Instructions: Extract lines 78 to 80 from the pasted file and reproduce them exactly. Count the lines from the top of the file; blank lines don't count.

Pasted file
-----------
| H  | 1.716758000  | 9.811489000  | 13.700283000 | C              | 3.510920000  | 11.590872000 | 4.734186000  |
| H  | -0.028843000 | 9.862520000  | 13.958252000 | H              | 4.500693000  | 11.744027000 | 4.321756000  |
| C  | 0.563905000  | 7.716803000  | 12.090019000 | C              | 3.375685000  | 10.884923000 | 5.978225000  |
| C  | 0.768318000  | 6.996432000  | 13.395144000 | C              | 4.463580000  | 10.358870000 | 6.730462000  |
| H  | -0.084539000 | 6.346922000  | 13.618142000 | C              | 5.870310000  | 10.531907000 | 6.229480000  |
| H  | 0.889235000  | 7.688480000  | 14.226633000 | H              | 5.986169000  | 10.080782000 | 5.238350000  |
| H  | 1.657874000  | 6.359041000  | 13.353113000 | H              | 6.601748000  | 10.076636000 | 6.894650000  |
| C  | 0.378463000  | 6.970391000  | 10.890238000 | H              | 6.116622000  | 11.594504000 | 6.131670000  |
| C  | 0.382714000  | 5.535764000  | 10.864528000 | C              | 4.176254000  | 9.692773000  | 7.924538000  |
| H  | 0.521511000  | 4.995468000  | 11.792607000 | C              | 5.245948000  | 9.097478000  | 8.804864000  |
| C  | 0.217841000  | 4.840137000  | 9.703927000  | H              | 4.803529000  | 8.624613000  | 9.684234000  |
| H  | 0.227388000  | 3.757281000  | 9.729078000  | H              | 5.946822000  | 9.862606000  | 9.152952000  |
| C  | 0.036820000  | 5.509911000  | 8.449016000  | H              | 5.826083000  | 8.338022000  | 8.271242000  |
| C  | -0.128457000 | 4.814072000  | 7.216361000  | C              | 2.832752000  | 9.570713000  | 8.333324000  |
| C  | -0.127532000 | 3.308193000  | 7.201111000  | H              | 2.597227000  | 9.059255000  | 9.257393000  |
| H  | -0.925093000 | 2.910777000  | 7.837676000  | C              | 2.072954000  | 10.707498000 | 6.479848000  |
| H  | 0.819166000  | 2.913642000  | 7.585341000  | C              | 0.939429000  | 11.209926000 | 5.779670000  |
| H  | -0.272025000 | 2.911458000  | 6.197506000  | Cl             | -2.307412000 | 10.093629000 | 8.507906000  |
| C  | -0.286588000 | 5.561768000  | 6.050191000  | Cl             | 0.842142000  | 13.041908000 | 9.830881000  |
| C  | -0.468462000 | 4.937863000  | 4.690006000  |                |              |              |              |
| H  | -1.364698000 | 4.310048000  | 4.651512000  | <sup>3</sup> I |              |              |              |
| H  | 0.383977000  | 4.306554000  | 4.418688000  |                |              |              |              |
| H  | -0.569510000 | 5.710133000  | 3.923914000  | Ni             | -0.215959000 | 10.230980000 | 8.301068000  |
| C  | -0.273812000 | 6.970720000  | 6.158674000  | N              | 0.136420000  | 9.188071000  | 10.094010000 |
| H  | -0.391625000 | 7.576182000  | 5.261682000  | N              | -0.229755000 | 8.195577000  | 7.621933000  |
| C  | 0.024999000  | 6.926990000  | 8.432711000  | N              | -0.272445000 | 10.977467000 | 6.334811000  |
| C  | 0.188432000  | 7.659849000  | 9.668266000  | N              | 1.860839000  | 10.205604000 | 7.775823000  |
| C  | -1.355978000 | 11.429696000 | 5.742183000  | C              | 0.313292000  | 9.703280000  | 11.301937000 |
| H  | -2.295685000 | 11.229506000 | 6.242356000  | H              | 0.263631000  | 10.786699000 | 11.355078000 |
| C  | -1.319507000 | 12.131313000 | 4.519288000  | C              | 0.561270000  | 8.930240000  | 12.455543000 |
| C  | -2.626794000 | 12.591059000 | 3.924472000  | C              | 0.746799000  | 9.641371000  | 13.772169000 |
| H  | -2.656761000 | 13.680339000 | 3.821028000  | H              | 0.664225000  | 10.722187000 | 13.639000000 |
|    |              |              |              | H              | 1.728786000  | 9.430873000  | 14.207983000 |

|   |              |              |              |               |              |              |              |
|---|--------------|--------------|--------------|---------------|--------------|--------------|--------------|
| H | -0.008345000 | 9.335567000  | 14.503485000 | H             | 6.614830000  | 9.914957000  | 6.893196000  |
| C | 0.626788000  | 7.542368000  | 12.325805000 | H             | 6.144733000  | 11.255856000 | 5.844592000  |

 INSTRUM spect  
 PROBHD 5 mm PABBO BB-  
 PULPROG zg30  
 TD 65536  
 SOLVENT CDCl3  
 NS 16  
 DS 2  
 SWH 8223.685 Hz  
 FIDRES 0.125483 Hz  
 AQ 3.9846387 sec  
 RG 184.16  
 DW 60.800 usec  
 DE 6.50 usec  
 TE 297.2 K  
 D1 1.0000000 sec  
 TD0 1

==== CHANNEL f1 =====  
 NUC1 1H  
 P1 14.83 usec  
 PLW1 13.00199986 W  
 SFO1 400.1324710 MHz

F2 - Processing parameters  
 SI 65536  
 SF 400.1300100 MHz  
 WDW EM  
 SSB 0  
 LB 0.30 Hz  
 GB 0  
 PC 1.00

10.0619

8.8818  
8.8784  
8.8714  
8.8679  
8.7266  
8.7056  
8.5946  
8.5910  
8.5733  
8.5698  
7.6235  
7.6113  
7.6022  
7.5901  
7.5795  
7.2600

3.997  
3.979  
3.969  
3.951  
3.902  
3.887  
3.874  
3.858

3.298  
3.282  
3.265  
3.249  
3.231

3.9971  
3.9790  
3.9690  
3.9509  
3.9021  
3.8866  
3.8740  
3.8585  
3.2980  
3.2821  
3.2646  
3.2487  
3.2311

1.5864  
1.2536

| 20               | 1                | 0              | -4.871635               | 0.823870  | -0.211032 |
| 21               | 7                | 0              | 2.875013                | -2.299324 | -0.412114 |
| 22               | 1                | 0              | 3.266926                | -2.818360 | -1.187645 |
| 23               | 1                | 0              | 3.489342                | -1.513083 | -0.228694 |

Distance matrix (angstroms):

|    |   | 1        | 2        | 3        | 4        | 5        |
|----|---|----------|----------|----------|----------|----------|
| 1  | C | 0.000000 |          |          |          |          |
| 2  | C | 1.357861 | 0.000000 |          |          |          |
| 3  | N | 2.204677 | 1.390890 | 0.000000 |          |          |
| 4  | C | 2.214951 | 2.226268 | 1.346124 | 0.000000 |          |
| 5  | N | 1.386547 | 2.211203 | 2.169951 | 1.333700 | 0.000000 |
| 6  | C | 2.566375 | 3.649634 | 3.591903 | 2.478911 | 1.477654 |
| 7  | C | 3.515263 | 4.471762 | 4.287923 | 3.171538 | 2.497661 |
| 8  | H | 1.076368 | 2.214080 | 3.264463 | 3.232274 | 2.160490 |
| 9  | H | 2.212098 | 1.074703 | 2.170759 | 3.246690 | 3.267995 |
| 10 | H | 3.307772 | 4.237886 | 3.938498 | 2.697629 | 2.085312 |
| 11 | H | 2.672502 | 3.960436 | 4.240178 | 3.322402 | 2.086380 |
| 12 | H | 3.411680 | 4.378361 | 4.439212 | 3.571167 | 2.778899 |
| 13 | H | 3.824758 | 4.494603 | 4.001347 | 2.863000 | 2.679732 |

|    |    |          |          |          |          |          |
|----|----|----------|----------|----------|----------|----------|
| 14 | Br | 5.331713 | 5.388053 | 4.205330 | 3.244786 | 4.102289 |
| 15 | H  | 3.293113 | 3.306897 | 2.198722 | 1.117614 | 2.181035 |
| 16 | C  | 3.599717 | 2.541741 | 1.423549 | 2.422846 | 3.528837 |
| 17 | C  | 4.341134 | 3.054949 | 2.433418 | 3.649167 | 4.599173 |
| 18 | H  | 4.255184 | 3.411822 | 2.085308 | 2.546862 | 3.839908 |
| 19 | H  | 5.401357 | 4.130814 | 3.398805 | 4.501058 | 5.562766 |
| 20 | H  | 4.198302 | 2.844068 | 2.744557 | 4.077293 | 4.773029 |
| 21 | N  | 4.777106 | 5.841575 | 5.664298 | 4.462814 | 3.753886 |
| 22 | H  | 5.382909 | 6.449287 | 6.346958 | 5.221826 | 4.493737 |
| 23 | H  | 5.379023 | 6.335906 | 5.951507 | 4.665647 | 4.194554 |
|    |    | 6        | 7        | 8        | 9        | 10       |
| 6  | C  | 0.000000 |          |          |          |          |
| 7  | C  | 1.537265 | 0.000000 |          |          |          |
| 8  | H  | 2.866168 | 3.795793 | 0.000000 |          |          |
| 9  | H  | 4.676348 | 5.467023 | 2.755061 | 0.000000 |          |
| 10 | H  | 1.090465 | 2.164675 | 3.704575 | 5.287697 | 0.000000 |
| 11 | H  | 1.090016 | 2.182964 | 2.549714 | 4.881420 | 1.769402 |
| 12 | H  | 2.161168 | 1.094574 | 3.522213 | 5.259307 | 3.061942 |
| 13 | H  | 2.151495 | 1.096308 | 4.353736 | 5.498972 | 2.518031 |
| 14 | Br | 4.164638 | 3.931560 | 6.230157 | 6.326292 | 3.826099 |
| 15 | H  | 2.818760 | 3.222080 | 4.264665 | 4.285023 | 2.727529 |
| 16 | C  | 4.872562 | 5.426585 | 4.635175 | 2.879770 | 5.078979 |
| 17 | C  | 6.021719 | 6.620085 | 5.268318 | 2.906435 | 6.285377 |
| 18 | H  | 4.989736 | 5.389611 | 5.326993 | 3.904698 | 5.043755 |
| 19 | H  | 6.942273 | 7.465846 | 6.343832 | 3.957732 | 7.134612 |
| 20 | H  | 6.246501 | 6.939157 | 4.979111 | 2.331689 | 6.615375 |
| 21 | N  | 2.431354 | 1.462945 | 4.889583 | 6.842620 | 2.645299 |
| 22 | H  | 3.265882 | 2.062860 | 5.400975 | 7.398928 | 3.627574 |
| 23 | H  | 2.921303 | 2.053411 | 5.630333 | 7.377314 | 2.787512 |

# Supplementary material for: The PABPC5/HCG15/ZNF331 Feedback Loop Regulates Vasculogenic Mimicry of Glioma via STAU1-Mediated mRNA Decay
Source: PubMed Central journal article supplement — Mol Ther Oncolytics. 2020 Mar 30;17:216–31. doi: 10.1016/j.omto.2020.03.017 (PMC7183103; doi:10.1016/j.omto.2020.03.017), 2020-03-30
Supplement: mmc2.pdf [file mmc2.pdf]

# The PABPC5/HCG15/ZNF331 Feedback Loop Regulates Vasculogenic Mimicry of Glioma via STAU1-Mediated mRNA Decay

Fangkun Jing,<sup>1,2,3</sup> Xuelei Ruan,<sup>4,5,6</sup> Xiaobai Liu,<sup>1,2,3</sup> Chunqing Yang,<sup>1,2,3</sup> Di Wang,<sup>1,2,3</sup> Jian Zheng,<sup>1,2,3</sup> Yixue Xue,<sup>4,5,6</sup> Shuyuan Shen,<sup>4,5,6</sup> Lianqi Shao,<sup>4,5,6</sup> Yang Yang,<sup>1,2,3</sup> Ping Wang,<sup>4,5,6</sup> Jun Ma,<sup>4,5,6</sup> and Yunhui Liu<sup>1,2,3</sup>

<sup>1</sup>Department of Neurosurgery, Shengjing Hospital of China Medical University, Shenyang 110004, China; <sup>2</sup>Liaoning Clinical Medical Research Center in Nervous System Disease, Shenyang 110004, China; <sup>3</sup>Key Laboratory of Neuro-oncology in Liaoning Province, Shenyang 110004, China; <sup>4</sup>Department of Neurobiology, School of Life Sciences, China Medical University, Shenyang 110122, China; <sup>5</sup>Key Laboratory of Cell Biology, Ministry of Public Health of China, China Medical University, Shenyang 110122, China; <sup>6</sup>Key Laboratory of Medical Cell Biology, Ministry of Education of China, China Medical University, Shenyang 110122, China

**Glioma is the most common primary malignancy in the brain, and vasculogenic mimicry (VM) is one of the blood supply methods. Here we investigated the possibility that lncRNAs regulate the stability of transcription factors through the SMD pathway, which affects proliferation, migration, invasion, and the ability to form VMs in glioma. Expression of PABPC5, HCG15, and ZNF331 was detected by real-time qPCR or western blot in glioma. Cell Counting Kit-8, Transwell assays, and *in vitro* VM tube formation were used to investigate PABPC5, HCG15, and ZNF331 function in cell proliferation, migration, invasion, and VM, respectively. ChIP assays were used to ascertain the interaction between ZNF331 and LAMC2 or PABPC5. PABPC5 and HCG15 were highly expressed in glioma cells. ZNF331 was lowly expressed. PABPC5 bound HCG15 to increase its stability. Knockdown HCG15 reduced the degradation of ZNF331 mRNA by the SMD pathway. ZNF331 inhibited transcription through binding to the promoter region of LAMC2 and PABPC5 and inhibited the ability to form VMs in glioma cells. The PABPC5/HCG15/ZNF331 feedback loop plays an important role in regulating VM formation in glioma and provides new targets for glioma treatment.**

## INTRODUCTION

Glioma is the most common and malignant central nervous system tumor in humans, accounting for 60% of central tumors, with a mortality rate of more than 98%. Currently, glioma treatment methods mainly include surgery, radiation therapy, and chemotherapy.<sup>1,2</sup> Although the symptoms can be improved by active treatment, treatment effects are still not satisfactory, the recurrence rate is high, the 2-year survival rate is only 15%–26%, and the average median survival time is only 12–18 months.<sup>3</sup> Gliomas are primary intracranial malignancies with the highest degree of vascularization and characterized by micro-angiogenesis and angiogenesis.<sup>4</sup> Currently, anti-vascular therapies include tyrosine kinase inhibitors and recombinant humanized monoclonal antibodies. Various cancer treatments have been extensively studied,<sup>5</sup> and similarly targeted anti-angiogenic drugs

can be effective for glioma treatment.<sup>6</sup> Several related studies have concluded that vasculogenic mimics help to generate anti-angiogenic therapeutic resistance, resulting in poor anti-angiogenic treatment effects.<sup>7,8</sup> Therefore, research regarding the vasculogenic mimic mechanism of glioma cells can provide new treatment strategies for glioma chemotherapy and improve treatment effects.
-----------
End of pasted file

7.6235  
7.6113  
7.6022  